Paternity analysis (T5) and the rate of inbreeding (T6) will be studied when rearing at different bottom areas/tank volumes (T1), using an odorant/pheromone as promoter of reproduction (T7) and the effect of systematic line crossing (T8). Genetic erosion and paternity analysis will be assessed by microsatellite analysis of the 7 microsatellite loci previously isolated and characterized for the species by Shaw & Pérez-Losada (2000). PCR amplification and genotyping of individuals will follow the methods of Shaw & Pérez-Losada (2000). Unbiased expected heterozygosity will be calculated using GENEPOP software (Raymond & Rousset, 1995). Individual inbreeding model (Chybicki & Burczyk, 2009), implemented in the software INEST, will be used to calculate null allele frequencies and the average level of inbreeding. Regarding paternity, we will look for mismatches between parents and offspring using the matrix outputs from the software CERVUS 3.0 (Kalinowski et al. 2007). Relatedness coefficients between all possible pairs of breeders will be obtained with the r estimator (Wang 2002) using the statistical package Kingroup2 (Konovalov et al. 2004). Genetic diversity estimators and the two exclusion probabilities (Excl1, Excl2) for each locus and for all loci, will be calculated using the allele frequency option of CERVUS 3.0. Deviations from HW equilibrium and linkage disequilibrium between all pairs of loci will be tested using the GENEPOP 3.1 package, (Raymond & Rousset 1995). An estimation of null allele frequency at each locus will be obtained using genotype data of broodstock individuals with CERVUS 3.0.
Finally, the existence of inbreeding and the effects of systematic line crossing (T8) in the reduction of the rate of inbreeding accumulation will be assessed by culturing 2 stocks of cuttlefish in triplicate for 5 consecutive generations. The use of systematic line crossing schemes to eliminate the mating of close relatives is one of the breeding approaches to avoid or reduce inbreeding (Fjalestad, 2005). In one of the stocks, every 2 generations and as sexual maturity is reached, triplicates of 6 females will be selected and placed in three separated tanks, 2 females in each tank. A mature male caught from the wild will be placed in each tank for mating. Hatchlings resulting from the mixing of cultured and wild cuttlefish will be mixed with offspring resulting from the normal consecutive generation stock (which result from 2 or more generations in captivity), resulting in a new broodstock. This new broodstock will then be cultured in a similar way to that of captive consecutive generations for the following 2 generations, when mixing of cultured and wild animals will be performed once again. These stocks will be screened for paternal contribution (T5) and rate of inbreeding (T6). The determination of parental contribution at given culture conditions, the extent of inbreeding and of genetic pool renewal of consecutive cultured cuttlefish generations are also considered milestones (M6).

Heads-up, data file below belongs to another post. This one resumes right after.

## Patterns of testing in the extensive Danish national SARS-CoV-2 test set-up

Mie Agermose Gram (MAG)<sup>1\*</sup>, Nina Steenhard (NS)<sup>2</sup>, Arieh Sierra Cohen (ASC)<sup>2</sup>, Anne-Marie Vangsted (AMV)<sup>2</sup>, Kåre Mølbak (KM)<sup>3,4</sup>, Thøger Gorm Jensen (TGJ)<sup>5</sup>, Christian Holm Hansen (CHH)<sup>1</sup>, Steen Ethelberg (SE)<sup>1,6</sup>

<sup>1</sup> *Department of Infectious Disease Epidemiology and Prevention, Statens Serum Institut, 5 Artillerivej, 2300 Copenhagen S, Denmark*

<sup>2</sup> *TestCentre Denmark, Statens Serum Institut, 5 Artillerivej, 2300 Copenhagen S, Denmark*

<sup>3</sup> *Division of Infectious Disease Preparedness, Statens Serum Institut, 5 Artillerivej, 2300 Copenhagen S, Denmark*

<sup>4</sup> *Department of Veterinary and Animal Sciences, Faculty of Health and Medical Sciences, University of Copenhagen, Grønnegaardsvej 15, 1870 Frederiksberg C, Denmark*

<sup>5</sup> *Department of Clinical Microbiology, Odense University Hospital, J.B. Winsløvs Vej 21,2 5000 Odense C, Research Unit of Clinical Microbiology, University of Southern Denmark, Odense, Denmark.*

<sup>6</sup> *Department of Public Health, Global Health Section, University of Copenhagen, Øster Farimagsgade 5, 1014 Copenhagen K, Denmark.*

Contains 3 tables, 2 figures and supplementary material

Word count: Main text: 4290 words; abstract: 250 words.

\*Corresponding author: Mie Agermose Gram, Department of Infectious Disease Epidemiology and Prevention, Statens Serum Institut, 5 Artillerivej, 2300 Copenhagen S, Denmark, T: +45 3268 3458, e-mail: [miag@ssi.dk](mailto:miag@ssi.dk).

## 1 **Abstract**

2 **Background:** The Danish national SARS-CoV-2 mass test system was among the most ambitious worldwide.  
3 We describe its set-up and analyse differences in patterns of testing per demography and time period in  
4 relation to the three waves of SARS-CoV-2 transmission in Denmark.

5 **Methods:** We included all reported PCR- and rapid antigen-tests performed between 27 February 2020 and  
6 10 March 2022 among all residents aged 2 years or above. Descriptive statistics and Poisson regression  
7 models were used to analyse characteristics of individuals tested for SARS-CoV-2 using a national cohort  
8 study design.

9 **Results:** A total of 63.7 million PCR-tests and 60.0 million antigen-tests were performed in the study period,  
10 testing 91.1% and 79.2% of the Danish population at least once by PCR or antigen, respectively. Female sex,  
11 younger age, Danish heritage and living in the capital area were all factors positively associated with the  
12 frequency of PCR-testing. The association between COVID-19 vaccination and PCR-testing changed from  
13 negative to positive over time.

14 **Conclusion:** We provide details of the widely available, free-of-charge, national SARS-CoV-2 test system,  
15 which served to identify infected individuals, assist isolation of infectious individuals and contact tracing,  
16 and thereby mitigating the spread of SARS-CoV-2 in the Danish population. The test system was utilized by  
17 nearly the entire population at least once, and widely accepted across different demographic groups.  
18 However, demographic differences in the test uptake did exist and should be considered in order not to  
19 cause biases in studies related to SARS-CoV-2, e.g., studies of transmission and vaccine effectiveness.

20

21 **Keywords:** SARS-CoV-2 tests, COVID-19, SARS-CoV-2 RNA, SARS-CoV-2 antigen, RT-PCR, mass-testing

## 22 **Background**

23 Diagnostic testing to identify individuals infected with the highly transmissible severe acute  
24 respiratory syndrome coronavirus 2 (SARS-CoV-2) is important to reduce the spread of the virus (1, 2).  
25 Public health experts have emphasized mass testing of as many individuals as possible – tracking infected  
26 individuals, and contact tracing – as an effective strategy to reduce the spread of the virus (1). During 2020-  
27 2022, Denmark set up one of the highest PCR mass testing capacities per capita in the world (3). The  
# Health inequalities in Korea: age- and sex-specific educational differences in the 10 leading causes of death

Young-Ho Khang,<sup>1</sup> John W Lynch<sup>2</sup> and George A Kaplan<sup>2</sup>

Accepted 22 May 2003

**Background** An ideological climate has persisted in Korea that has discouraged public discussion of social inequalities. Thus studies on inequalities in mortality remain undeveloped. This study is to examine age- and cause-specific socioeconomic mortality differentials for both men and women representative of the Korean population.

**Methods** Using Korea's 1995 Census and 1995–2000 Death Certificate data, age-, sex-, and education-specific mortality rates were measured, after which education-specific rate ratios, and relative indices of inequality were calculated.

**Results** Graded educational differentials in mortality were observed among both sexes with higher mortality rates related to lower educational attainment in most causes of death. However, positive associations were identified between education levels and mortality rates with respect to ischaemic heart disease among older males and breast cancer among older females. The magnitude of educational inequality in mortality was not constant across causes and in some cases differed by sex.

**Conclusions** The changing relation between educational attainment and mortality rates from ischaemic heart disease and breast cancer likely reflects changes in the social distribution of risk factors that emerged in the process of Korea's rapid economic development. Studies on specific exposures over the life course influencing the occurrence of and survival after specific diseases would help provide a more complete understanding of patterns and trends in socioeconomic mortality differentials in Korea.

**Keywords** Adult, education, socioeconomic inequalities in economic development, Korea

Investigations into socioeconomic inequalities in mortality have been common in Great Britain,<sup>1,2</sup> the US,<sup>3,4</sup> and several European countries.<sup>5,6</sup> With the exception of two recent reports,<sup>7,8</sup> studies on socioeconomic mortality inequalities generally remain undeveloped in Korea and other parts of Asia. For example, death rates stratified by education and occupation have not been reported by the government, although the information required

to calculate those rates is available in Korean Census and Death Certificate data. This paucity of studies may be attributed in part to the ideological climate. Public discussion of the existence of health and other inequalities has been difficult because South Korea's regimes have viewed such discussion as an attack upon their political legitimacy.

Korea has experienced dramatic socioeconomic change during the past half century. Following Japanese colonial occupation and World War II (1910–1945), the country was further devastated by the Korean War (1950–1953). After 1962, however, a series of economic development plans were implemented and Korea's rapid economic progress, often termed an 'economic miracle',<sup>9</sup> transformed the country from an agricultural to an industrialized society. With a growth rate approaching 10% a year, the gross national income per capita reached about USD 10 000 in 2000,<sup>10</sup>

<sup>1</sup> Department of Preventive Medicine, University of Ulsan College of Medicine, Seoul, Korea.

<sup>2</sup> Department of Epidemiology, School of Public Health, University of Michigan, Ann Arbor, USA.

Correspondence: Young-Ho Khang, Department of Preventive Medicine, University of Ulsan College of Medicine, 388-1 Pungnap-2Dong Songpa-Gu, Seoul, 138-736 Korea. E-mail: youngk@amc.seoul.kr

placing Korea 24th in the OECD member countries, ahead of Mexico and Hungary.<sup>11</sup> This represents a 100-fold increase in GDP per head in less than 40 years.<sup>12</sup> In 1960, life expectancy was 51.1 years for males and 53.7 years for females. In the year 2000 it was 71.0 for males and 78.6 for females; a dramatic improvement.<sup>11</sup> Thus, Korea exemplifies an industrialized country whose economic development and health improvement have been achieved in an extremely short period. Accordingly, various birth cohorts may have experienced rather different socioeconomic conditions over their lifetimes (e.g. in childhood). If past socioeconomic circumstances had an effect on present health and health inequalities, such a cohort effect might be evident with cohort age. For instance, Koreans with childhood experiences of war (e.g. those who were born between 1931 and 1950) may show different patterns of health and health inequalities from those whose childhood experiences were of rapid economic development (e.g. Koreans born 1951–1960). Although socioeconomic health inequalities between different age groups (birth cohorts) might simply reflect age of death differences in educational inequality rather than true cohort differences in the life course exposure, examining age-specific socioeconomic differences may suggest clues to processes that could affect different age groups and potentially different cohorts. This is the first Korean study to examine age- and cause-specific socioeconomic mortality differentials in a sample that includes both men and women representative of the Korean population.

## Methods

All of these data will then be considered in the elaboration of a first management and selective breeding protocol for cuttlefish (T9) by principle component analysis, linear discriminant analysis and logistic regression (Manly, 1994); which will be used to determine the magnitude of correlations involved in obtaining eggs in quantity and quality. Consultants will provide an outside view of the project’s results for every task which will enrich the argument of the themes discussed.
At the end of this project, we expect to have achieved a clarification on the role and magnitude of each studied variable on cuttlefish reproduction. We believe that the results of this project will allow us to obtain a similar reproduction potential in captivity as seen in the wild and mitigate the problem of inbreeding. The basic and applied research results obtained here might also have application in other cephalopod aquaculture candidates and will certainly contribute for the establishment of culture welfare practices and conservation of the wild stocks of the species.